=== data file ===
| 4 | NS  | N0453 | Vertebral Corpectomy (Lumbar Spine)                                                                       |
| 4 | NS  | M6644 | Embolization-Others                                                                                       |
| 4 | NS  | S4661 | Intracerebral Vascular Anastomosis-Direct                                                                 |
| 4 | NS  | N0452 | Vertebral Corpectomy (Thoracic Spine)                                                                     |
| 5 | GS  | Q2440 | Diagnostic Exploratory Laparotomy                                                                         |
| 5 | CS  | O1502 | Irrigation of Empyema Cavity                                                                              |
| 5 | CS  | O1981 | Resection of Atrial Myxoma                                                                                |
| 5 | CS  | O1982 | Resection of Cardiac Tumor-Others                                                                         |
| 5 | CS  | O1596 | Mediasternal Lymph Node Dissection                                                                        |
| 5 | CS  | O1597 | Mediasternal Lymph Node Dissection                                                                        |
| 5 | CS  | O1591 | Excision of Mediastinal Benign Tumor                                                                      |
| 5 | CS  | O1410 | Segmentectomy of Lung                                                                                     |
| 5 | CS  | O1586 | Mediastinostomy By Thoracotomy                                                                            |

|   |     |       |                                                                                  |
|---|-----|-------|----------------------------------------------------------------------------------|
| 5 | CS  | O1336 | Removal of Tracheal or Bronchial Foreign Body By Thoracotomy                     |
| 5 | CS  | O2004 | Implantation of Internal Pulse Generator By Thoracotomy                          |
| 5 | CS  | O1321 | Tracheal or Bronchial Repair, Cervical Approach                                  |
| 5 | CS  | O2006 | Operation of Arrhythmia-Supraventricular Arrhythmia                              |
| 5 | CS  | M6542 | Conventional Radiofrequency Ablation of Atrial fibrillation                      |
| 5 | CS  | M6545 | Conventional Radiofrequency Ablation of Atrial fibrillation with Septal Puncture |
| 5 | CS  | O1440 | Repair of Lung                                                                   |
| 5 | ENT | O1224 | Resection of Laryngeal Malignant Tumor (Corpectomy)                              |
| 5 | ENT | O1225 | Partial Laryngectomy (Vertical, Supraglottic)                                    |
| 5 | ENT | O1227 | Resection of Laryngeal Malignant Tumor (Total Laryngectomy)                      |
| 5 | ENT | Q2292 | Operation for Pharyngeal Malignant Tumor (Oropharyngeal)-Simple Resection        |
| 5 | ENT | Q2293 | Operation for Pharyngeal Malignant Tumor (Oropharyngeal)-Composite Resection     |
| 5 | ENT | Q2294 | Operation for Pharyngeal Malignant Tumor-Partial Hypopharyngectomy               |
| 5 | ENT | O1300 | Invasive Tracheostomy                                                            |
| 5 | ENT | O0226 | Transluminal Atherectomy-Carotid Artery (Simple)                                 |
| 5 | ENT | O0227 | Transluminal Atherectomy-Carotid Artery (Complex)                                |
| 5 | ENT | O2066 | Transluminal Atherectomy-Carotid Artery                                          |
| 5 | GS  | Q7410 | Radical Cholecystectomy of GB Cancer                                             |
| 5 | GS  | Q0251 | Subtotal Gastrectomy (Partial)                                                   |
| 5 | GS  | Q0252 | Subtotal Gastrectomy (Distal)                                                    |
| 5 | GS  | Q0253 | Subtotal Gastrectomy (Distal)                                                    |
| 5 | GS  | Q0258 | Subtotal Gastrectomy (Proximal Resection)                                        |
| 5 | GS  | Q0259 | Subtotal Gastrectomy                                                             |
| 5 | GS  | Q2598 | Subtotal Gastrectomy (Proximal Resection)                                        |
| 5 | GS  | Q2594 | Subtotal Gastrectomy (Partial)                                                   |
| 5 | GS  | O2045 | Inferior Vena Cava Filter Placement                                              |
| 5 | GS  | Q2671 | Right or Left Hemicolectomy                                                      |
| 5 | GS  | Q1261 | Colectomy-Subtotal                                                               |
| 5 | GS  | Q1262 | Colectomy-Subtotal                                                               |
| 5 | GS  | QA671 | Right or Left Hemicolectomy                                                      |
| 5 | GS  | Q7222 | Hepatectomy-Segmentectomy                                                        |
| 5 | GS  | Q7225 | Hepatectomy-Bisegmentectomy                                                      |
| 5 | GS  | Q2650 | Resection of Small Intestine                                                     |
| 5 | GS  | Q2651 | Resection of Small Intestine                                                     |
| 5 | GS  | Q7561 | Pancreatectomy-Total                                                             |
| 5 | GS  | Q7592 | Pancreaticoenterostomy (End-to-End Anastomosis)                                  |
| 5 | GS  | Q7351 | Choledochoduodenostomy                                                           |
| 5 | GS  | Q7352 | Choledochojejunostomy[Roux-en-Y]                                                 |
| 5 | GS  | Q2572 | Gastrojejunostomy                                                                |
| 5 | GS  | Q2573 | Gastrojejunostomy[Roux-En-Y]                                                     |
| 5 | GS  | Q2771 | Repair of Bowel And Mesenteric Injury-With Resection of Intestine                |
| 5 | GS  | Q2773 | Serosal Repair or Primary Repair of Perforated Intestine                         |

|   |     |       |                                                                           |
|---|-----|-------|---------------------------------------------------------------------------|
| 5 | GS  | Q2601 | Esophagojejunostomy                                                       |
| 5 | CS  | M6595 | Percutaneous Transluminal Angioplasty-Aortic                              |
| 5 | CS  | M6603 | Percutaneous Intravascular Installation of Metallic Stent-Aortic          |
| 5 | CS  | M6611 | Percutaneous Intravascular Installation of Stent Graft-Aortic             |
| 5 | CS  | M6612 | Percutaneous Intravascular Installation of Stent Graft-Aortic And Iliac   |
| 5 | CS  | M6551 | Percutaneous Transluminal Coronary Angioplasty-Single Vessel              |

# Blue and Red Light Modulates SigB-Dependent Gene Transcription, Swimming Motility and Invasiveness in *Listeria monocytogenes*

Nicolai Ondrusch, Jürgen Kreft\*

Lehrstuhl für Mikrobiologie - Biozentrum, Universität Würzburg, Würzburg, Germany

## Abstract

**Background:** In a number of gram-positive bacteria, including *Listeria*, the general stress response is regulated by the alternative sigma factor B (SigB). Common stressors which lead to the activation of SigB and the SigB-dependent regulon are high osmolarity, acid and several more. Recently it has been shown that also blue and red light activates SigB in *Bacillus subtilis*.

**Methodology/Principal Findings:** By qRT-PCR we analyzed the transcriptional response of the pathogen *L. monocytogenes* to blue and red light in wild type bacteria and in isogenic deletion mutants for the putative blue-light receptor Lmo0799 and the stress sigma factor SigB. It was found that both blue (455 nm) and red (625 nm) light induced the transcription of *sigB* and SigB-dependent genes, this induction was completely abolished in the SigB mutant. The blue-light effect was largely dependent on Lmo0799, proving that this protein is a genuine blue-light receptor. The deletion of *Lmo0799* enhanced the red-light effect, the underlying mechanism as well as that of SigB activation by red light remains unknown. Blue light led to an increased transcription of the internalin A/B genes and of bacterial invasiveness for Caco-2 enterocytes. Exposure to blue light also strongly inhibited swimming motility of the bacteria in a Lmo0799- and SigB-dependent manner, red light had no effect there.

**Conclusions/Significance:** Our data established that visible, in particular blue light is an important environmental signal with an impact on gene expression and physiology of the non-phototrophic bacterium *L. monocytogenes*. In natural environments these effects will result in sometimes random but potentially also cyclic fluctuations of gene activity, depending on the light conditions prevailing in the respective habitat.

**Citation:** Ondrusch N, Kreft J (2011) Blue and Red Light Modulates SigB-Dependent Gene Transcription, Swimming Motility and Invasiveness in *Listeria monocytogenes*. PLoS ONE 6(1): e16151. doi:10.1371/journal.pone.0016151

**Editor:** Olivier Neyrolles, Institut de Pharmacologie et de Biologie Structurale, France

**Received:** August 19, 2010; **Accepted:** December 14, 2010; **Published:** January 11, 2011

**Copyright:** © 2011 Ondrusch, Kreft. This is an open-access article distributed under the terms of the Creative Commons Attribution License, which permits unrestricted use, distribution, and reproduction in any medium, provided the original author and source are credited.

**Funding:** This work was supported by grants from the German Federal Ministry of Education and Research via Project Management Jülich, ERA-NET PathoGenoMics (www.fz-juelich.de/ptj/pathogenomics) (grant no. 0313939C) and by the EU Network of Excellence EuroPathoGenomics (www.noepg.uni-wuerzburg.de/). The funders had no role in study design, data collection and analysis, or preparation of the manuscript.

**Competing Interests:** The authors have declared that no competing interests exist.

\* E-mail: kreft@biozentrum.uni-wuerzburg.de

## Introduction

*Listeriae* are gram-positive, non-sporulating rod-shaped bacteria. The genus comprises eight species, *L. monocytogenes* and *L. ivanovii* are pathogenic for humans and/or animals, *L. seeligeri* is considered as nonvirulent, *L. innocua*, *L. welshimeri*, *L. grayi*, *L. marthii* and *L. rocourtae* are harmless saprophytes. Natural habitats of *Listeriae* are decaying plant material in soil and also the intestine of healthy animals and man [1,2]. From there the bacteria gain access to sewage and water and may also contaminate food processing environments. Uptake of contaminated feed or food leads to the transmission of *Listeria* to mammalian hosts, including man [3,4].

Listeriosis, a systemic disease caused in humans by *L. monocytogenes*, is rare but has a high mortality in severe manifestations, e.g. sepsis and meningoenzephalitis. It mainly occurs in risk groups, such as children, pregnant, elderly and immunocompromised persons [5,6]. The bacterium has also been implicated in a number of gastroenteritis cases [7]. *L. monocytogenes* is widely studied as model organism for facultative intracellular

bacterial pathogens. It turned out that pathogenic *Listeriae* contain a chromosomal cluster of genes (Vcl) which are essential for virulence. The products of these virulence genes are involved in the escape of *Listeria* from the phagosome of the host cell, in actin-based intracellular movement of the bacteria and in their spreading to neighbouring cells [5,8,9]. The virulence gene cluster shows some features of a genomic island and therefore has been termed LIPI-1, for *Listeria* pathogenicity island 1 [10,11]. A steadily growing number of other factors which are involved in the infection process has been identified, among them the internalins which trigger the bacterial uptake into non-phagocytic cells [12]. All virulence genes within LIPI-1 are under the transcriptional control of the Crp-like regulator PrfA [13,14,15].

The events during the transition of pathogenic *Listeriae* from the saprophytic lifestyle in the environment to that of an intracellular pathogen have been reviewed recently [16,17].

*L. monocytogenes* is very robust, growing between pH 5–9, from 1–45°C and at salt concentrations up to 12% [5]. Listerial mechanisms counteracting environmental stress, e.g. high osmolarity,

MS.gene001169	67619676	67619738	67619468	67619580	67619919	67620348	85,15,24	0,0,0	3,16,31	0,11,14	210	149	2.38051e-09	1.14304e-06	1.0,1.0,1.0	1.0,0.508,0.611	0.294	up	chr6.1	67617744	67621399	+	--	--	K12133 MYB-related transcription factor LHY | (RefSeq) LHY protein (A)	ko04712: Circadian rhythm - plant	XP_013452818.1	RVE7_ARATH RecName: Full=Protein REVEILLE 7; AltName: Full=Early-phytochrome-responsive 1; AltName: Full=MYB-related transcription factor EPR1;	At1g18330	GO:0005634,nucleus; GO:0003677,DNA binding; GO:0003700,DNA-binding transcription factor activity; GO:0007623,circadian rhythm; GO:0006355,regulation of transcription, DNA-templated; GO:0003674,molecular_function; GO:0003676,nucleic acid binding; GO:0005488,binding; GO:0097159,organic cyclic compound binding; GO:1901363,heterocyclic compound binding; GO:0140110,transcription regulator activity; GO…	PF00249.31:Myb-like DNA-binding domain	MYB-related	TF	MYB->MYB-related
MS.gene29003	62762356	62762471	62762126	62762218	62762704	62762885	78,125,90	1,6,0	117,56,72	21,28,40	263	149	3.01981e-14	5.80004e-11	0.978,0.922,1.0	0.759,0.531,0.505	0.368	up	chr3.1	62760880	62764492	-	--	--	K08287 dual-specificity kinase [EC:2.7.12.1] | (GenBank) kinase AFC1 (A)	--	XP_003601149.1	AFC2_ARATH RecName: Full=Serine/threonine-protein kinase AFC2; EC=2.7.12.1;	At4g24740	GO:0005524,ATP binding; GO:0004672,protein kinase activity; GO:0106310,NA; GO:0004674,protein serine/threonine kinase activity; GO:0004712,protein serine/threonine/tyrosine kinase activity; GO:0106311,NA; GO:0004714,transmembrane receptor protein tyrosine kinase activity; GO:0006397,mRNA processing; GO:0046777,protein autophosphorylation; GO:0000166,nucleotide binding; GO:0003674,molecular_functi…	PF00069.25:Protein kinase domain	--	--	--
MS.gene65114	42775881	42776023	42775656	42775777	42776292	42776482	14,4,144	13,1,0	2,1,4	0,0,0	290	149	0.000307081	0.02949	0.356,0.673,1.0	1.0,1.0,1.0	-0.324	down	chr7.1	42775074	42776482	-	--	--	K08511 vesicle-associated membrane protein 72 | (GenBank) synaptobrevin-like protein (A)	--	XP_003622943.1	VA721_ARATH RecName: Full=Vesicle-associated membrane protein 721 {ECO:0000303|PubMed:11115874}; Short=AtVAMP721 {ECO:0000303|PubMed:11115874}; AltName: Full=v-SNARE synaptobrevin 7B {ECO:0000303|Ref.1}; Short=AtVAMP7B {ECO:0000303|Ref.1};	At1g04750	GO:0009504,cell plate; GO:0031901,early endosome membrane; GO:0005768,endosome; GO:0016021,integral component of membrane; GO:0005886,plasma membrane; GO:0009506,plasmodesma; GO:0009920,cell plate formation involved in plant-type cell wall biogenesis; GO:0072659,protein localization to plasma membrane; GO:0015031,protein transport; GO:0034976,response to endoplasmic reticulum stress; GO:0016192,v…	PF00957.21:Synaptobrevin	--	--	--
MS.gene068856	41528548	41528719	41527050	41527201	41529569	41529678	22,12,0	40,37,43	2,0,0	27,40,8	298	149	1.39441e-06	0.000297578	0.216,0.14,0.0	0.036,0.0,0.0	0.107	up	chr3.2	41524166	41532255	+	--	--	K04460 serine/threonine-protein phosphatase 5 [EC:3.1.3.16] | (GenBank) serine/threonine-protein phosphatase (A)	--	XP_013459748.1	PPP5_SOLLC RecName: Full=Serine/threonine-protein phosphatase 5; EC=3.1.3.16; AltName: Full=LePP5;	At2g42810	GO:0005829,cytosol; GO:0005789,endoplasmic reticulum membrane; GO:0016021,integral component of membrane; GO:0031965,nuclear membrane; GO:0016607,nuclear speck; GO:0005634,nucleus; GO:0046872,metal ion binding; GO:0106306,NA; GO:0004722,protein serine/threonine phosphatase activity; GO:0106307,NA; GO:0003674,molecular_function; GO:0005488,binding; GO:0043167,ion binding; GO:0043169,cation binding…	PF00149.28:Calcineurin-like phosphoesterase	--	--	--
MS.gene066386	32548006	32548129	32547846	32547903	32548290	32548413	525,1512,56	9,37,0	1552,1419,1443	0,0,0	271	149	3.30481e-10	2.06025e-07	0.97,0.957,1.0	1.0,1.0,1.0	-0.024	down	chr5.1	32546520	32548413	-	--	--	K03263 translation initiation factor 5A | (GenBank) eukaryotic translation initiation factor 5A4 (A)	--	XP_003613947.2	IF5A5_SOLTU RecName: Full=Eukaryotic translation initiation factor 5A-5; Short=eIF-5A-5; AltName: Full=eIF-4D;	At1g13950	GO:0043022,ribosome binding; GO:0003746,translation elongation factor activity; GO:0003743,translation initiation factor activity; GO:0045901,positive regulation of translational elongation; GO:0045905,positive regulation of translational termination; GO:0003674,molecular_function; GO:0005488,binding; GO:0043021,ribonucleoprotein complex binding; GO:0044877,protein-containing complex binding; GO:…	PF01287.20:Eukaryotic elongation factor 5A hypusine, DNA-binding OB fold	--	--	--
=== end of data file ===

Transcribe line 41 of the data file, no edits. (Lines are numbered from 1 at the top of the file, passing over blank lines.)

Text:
| 5 | GS  | O2045 | Inferior Vena Cava Filter Placement                                              |